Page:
How Do I Set Up A New Human Resource Department?

If you were given the task of setting up a new Human Resource Department in a
small company where would you begin? Such a task would be extremely
daunting, but not impossible, if you follow a few tips. To begin, you need to
answer some basic questions:

  • Why do you want to set one up?
  • What’s changed to make you or the organization believe that an HR department is needed now?
  • What do you want the HR department to do? How will this function contribute to the success and bottom-line of the organization? Will it add value?

In other words, before you begin the task, you need to have a clear definition of
the mission and goals of the department and secondly, what role you will play as
“head” of the HR function. Once you have clear direction, there are some key
“audit” issues that you need to focus on.

  1. Do you have personnel files on all your employees? Are they current? Do you have all the legally required documentation? Do you have items in the files that don’t belong there?

  1. Do you have policies and procedures? Are they up-to-date? Are they followed?

  1. Do you have an employee handbook? Do you have the right language in it? Have you inadvertently created a contract between you and your employees?

  1. Do you have policies dealing with sexual harassment, workers’ compensation, safety, benefits, discipline, etc.?

  1. Are you in compliance with state regulations?

  1. Do you have a working knowledge of the law? Do you have all the required postings, forms, and documentation required by the respective governmental agencies? Are all the managers aware of their legal responsibilities and liabilities?

  1. Are you recruiting and selecting the right people? Are you aware of the talent and skills needed to move your organization forward? Do you know where to find these people? Are you recruiting in a cost effective manner? Are your managers trained in interviewing techniques?

  1. What kind of compensation plan do you have? Is it meeting the organization’s needs? Is it motivating your employees? Is it competitive and fair?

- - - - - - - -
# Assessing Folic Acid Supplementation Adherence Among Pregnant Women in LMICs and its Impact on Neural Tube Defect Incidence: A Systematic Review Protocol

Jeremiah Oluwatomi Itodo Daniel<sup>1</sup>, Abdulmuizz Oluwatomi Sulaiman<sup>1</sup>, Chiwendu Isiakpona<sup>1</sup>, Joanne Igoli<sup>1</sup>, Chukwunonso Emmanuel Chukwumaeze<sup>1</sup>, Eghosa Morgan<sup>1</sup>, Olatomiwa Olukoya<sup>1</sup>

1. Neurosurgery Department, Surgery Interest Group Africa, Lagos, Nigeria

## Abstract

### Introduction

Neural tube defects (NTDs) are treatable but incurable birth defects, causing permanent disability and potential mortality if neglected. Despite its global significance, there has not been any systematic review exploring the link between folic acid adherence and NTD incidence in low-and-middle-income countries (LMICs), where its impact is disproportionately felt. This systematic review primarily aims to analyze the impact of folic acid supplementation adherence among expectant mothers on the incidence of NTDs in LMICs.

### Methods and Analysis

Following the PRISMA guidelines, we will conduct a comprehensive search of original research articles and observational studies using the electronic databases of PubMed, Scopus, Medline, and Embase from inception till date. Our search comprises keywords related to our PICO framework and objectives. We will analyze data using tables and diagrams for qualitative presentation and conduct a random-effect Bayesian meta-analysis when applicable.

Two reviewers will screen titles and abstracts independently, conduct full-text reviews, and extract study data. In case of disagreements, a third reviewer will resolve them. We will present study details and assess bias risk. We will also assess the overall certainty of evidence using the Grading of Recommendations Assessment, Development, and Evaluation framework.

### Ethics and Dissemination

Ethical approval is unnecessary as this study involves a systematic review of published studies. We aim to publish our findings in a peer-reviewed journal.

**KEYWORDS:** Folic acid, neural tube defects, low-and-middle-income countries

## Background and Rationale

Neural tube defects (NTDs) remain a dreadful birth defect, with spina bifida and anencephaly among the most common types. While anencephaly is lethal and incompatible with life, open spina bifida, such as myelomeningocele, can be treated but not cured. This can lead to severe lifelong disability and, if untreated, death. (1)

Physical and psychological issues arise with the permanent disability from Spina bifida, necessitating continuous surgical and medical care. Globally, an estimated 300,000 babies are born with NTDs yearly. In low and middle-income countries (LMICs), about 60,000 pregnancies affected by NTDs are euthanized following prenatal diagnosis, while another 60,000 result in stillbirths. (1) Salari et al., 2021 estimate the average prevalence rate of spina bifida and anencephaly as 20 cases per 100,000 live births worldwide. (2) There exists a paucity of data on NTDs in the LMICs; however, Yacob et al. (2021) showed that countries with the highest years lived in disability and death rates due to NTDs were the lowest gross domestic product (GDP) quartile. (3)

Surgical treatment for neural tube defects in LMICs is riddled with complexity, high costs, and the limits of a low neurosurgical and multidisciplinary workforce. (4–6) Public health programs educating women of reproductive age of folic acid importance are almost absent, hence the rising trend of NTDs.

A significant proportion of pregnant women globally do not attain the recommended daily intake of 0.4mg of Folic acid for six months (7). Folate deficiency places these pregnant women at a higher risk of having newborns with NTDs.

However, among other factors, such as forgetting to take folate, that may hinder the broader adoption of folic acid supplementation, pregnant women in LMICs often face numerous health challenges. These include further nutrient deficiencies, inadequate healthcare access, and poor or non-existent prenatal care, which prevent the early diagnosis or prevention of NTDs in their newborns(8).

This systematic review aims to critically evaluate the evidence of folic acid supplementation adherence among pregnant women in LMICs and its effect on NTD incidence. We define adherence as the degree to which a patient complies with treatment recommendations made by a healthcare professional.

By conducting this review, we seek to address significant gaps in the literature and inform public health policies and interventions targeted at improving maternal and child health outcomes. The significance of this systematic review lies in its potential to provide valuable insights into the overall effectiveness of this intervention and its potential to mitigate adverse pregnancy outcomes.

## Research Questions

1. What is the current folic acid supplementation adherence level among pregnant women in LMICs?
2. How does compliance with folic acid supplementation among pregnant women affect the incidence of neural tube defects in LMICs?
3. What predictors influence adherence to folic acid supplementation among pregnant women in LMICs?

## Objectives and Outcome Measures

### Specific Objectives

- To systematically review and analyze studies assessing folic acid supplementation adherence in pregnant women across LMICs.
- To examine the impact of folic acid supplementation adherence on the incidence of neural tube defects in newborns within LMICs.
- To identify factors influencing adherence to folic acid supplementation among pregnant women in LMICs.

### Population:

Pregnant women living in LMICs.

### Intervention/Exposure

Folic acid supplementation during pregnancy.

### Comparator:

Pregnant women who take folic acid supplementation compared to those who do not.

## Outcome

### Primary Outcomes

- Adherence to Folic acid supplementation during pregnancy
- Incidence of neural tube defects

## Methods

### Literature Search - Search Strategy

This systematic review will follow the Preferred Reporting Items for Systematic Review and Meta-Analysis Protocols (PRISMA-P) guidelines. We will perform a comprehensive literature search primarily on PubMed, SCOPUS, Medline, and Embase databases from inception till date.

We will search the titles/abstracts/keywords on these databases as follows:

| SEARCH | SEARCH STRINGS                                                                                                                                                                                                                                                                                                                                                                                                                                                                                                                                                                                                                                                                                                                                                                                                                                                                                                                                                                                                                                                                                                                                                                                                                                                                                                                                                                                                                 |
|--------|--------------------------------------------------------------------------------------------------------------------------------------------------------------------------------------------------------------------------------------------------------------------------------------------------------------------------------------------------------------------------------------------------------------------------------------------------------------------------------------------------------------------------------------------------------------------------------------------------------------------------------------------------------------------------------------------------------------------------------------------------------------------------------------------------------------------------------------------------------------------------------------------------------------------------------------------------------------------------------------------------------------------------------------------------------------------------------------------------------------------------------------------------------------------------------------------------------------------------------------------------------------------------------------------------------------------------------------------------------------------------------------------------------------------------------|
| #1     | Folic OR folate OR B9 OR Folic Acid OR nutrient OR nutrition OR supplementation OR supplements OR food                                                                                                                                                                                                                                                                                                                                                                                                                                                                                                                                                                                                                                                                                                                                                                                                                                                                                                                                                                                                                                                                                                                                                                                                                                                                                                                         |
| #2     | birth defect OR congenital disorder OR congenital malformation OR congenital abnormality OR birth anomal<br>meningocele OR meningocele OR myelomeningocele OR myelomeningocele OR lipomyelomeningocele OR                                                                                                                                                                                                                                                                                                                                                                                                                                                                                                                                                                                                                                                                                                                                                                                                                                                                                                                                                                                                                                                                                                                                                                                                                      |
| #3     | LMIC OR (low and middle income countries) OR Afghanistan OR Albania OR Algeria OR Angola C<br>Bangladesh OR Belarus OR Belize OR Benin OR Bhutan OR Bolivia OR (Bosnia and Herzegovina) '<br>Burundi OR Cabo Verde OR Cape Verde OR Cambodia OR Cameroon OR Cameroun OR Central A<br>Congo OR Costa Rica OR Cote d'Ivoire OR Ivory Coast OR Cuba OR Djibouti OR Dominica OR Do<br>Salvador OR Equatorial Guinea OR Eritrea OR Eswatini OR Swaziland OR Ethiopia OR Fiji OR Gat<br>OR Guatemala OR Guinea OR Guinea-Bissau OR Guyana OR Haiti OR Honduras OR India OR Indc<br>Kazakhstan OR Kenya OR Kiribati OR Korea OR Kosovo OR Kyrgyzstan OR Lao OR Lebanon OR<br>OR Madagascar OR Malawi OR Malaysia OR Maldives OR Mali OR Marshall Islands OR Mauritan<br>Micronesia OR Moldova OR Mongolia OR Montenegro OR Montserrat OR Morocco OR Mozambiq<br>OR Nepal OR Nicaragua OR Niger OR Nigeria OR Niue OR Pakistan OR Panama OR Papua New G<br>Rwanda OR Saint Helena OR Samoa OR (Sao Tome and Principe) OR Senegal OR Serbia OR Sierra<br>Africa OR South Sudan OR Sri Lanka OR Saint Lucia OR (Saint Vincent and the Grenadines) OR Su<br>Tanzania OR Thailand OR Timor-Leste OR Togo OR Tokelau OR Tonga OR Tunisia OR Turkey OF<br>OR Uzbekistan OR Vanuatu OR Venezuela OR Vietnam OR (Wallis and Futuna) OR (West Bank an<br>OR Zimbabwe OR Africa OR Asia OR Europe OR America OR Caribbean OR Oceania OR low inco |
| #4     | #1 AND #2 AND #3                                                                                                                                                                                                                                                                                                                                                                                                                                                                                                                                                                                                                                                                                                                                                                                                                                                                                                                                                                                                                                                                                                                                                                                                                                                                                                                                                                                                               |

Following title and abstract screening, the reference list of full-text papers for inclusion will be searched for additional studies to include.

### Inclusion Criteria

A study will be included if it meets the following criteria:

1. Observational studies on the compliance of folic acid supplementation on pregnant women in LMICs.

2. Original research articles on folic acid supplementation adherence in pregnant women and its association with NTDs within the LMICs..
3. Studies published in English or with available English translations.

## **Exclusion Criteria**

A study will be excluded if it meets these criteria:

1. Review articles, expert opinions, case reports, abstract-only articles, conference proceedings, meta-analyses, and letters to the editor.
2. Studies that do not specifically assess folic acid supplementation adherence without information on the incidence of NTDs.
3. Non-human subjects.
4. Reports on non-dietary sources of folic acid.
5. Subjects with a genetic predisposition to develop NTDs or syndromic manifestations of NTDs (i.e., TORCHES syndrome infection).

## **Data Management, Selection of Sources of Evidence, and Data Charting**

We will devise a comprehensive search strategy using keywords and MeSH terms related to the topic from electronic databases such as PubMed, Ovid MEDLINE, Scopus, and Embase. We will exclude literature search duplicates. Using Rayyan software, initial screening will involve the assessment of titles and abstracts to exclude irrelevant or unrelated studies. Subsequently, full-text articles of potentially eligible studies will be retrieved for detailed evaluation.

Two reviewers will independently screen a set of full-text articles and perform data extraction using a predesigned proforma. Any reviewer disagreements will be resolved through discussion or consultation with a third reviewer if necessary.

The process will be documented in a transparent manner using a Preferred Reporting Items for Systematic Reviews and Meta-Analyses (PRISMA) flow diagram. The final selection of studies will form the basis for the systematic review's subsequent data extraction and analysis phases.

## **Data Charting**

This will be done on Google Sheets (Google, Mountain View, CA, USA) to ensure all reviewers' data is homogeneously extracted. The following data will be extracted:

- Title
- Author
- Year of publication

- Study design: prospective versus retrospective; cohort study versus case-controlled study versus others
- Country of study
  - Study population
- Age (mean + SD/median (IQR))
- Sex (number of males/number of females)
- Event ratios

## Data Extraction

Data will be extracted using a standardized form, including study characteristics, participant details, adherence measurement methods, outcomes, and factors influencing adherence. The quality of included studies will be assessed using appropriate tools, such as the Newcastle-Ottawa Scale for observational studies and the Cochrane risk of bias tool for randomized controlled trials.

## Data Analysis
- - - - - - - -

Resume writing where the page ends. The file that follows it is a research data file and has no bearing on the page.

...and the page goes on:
1. How about your benefits? Are you getting the best coverage for your people at a price the employees and the organization can afford? Is your total compensation attractive enough to retain existing people and be an incentive to new people?

  1. What’s it like working at your company? Are people productive and motivated? Are you looking at the indicators of a productive and motivated workforce (absenteeism, tardiness, turnover, grievances, high workers’ compensation rates, poor quality, missed deliveries, and poor productivity)?

  1. What about your training? Are manager’s and employee’s skills current? Is training a “way-of-life”? Are you growing your people or do you have to go to the outside every time you need someone with a specialization? Are supervisors effectively managing their employees?

  1. Are managers and employees kept informed? Do they know what’s going on? Is the grapevine the main source of communication? What are the sources of communication?

As you begin the process, get some professional help, whether through networking with peers, other organizations, or outside expertise. It is a big task, but one that is critical to the organization.
When Is An HR Department Necessary?

How many employees should a company have before there is a need for an HR Department? As companies grow, there is a need to administer the HR function, but that doesn't necessitate an HR Department. In fact, 30 years experience has shown that until the company has at least 50 employees, that "department" -- really a function -- can consist of or be handled by one person.